According to German psychiatrist Prof Matthias C Angermeyer and colleagues – writing in the 'Journal of Epidemiology and Community Health' (1987) – Plato is supposed to have born and died on the same date; so too, the Buddha; and the ragtime pianist "Eubie" Blake died just five days after his 100th birthday.
Is there an association between our dates of birth and death?
Angermeyer et al suggested that either approaching birthdays promote an emotional reaction that motivates individuals to somehow initiate a mechanism that delays their death – “death postponement” – or birthdays represent stressful events, provoking a rise in mortality: a “birthday blues” effect.
But following their study of 5,000 well-known people from Switzerland and around the world, their conclusion was that "a real relation between birthday and date of death does not seem to exist".
By contrast, in 2001, American researchers, writing in the 'British Medical Journal', noted that the number four is regarded by many Chinese and Japanese as unlucky. "If so," they speculated, "deaths from chronic heart disease should show a particularly large peak on the fourth day of the month."
Accordingly, they studied the death certificates of 210,000 Chinese and Japanese Americans and 47 million white Americans and reported: “Cardiac mortality in Chinese and Japanese Americans peaks on the fourth day of the month . . .”
In 2012, a Swiss group reported their analysis of the mortality statistics of more than two million individuals in the journal 'Annals of Epidemiology', stating: "The overall death excess on the day of birth was 13.8 per cent, mainly because of cardiovascular and cerebrovascular diseases (more in women than in men) as well as suicides and accidents (in particular, falls in men)."
Their results supported “the hypothesis of an ‘anniversary reaction’ or the ‘birthday blues’ in certain causes of death, but not the death postponement hypothesis”.
And in a recent development, in 2018, two Irish professors at University College Dublin further probed the birthday/deathday relationship. The findings of Prof Gabrielle E Kelly and Prof Cecily C Kelleher, published in the 'Journal of Epidemiology and Community Health', arise from their investigation of the birthdays and deathdays of famous people in eight different categories: 49 British prime ministers, 34 US presidents, 34 Wimbledon men and 23 ladies singles winners, 49 male Academy Award actors, 32 Academy Award actresses, 39 Academy Award directors and 583 Nobel Prize winners.
Kelly explained to The Irish Times that they had used methods derived from a statistical sub-discipline called directional statistics: "The data are circular in the sense that a difference between a deathday and birthday of 0 days is the same as a difference of 365 days. Similarly, a difference of 1 is the same as a difference of 364. Therefore, statistics for circular data were employed in the analysis, also known as directional statistics. Different types of departure of the differences in each group from a uniform distribution on a circle were investigated."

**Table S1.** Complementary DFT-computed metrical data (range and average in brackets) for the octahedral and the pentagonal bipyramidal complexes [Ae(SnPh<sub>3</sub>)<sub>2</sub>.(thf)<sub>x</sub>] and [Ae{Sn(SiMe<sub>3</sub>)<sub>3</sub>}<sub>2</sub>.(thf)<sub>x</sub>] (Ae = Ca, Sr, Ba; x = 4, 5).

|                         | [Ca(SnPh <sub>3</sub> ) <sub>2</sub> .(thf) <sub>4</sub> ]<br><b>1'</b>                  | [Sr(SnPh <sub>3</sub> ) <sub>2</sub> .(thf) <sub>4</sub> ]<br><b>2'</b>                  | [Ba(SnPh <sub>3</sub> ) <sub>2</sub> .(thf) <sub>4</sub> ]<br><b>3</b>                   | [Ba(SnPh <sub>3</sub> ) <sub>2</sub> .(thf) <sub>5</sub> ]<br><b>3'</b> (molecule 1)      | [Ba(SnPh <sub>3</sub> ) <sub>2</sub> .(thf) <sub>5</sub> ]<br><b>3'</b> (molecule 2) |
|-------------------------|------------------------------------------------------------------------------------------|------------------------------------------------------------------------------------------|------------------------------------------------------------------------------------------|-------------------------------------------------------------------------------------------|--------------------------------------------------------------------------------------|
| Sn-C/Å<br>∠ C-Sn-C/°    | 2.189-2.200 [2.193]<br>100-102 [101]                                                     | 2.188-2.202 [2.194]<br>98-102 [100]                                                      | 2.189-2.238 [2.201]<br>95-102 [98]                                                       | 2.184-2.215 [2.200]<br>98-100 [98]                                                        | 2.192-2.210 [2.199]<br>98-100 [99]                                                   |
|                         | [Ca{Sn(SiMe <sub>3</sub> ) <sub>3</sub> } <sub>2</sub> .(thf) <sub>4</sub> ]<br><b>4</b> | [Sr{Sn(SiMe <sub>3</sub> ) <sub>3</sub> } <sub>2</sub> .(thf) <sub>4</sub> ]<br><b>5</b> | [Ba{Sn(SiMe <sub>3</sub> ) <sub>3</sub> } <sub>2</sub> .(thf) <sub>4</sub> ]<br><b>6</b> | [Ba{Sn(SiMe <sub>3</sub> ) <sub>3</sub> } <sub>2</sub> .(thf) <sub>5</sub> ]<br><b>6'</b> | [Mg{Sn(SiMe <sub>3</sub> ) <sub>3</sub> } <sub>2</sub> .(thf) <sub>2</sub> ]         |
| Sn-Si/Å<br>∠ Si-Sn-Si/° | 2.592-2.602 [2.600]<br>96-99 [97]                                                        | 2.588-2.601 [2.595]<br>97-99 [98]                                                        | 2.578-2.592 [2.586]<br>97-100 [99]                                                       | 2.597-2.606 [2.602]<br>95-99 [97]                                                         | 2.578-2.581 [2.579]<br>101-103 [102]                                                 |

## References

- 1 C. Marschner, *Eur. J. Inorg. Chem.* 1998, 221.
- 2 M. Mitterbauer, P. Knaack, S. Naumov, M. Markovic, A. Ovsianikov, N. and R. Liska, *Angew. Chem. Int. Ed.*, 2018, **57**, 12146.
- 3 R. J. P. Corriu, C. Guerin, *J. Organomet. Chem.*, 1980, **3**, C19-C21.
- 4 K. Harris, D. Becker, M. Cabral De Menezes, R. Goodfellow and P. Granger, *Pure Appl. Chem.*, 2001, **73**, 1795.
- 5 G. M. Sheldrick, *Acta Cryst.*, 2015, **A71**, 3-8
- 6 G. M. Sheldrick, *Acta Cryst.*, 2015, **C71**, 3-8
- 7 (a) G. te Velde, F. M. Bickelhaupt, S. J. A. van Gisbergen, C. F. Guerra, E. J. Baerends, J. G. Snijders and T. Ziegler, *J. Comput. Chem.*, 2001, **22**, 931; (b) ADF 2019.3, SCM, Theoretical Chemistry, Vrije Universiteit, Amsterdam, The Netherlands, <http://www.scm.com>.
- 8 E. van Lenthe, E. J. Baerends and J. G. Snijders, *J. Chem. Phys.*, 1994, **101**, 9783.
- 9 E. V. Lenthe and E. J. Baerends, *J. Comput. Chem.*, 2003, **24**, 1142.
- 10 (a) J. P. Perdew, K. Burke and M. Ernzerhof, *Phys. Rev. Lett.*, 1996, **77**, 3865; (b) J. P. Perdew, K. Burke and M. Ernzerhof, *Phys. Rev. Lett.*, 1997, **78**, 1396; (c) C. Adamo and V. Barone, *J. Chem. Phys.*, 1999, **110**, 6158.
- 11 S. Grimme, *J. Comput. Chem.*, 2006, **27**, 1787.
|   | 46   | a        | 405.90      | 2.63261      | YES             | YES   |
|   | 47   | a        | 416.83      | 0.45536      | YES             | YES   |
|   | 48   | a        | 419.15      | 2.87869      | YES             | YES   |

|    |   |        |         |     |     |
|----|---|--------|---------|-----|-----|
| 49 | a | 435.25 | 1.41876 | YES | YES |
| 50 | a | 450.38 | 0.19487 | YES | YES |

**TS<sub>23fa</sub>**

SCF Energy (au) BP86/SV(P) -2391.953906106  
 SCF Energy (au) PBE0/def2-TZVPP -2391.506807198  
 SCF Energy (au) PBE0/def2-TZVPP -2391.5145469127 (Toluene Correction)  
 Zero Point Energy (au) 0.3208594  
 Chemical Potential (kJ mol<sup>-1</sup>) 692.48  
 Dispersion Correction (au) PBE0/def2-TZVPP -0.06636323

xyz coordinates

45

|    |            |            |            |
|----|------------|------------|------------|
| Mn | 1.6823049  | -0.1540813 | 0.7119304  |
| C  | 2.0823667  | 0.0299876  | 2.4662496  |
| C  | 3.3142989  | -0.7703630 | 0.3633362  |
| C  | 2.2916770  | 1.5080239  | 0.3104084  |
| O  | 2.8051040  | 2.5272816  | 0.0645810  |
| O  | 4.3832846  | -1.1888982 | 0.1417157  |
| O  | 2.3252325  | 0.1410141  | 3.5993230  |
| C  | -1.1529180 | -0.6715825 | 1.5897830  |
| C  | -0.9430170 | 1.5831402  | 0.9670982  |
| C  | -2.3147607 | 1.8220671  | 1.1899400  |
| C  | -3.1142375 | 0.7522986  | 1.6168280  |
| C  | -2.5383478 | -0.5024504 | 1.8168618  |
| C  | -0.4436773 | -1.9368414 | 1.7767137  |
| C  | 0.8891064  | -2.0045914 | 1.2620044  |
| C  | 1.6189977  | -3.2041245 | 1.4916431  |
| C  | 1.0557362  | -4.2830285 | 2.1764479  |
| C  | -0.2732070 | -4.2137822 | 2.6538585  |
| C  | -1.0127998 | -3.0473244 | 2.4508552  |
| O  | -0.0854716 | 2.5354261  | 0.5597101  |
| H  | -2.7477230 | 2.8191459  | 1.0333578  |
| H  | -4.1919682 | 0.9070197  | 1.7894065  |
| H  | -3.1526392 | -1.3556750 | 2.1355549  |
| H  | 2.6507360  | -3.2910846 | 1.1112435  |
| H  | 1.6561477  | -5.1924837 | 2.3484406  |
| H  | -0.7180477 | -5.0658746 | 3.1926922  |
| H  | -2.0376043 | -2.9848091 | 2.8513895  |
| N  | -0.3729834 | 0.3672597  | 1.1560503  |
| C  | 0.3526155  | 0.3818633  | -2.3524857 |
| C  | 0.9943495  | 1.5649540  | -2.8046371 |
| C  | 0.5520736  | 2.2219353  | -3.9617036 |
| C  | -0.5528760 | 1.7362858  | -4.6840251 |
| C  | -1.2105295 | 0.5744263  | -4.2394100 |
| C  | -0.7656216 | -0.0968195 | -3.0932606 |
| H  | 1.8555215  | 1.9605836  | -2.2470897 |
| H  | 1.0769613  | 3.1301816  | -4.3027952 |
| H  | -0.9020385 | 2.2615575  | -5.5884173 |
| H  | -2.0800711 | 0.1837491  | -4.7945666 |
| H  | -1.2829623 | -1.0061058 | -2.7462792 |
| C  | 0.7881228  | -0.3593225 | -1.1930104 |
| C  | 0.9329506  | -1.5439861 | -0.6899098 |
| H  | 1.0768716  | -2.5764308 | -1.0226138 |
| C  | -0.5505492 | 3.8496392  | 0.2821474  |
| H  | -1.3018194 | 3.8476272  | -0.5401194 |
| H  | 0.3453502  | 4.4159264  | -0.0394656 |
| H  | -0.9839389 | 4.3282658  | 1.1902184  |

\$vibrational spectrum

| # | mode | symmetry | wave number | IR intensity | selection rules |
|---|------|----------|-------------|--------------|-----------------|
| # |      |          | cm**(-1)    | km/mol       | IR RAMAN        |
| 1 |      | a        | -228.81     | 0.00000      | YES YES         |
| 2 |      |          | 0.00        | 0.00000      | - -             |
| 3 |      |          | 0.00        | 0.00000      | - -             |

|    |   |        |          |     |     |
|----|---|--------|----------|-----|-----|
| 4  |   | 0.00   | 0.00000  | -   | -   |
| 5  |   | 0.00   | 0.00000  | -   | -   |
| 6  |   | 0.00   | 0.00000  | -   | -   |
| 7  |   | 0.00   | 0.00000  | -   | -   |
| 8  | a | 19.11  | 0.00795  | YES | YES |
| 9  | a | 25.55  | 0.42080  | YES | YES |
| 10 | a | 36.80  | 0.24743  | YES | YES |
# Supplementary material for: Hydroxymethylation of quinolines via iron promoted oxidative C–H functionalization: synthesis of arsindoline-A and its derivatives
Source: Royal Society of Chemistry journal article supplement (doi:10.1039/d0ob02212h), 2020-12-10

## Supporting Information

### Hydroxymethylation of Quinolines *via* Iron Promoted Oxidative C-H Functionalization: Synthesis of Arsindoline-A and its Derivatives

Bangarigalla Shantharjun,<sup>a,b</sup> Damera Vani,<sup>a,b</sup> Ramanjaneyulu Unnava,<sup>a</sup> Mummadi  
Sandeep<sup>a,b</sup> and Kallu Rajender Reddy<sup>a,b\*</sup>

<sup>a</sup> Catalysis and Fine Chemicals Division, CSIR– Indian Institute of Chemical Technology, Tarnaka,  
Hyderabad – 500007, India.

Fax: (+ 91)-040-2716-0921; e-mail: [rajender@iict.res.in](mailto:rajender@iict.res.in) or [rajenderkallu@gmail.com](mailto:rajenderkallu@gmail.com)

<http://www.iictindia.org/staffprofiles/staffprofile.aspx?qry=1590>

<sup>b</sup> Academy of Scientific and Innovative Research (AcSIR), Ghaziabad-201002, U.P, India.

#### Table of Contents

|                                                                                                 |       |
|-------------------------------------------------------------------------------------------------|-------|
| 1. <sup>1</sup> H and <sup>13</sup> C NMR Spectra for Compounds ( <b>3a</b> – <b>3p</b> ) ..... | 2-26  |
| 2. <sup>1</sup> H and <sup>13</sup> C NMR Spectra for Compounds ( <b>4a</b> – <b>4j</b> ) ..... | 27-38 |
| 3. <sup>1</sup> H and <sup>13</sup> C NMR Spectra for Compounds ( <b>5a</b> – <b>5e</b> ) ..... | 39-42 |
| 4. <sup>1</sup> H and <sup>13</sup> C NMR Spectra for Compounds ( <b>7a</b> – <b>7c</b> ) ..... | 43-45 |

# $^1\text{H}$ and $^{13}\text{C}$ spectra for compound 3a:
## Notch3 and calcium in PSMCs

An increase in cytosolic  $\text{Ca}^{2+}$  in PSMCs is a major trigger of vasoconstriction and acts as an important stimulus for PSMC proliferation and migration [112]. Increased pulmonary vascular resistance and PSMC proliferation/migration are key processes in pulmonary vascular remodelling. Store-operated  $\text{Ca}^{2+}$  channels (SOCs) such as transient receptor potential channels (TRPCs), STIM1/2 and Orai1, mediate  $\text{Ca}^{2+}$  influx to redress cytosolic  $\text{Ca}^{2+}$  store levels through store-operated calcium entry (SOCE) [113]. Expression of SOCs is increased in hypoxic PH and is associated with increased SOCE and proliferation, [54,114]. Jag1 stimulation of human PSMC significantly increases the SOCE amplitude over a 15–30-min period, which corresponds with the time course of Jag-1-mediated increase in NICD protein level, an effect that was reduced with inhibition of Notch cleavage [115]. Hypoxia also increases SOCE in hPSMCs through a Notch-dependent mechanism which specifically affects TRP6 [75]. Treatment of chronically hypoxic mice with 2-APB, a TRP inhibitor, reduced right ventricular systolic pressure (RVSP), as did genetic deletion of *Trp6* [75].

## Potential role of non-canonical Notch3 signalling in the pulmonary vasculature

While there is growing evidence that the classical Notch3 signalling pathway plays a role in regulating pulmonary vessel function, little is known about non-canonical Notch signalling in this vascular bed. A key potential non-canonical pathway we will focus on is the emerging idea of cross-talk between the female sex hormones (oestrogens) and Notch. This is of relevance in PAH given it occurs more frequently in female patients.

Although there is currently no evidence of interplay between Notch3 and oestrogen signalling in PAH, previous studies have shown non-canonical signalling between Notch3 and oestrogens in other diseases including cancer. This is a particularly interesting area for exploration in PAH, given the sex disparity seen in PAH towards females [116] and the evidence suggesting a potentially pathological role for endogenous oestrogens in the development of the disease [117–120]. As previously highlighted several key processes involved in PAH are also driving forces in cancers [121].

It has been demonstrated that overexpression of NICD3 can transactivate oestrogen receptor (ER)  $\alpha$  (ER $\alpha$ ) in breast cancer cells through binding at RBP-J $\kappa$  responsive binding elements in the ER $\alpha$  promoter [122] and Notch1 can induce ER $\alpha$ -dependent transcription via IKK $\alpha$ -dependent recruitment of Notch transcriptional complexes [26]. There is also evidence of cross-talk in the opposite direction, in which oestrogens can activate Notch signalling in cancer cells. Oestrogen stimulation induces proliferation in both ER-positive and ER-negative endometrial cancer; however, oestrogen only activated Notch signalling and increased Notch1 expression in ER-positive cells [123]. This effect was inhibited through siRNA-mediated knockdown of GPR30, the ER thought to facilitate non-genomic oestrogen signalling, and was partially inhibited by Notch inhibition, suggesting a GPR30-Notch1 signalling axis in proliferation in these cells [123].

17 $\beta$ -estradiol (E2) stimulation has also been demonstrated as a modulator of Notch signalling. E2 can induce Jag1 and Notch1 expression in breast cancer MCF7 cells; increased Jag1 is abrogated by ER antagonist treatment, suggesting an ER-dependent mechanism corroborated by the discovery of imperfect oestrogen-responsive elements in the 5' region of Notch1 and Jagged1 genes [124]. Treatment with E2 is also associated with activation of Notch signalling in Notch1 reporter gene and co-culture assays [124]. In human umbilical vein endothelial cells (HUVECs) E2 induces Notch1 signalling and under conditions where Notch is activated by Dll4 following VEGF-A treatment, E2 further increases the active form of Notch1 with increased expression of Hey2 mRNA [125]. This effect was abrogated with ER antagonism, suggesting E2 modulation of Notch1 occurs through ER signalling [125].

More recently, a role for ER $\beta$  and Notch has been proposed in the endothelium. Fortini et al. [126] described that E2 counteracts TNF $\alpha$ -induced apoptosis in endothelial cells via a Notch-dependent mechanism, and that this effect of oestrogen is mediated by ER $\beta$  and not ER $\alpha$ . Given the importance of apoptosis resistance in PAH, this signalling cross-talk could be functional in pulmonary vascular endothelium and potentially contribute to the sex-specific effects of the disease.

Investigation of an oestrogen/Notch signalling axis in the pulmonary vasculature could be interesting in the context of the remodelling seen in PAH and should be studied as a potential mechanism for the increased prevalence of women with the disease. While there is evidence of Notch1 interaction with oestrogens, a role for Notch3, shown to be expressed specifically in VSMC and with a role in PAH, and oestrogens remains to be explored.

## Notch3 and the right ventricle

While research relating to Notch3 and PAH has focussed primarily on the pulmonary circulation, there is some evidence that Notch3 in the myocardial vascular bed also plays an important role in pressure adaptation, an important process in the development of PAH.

For each of the eight groups, Kelly and Kelleher calculated the difference in days between the birthday and deathday. If there was no association between the two, the difference in days should have been uniformly distributed around the “statistical circle”. But this did not happen: “All groups showed some departure from the uniform and it occurred around the birthday in all groups.”
Did the departure from the uniform conform to the “death postponement” hypothesis or “birthday blues”?
For most of the groups it was the former, with “a death dip prior to the birthday and a rise thereafter”. But, interestingly, in the all-female Wimbledon ladies and Academy Award actresses, the “birthday blues” hypothesis appeared to prevail.
So, what is going on?
Kelly and Kelleher are cautious in their interpretation of their findings. They acknowledge that “while the empirical data imply there is a connection between birthday and deathday and that there is some variability across cohorts and by gender, it must be speculative as to whether this is an inherently biological or a sociocultural phenomenon or an interaction between these, in turn related to processes promoting longevity, including advantages of social position.”
The possibility that some sort of psychophysiological mechanism enables the postponement or hastening of death is a question, say Kelly and Kelleher, that might be answered by undertaking more studies into how much significance people attach to their birthdays.
“Future research on this topic,” says Kelly, “will develop new statistical methods that are more powerful in detecting changes from uniformity of differences around 0 and that will enable groups to be compared in an efficient way.”
The authors of the 2012 Swiss study (above) suggest that “[A]lthough the excess of deaths on birthdays has a similar magnitude in different causes of death, the underlying mechanisms may not be similar. In vascular events, such as acute myocardial infarctions and strokes, it seems more promising to hypothesize the devastating consequences of stress.”
This Irish research highlights a refined statistical approach to the investigation of a relationship between birthdays and deathdays, inviting the inference that the mind may have more of a role to play in the body’s physiology than we might care to admit.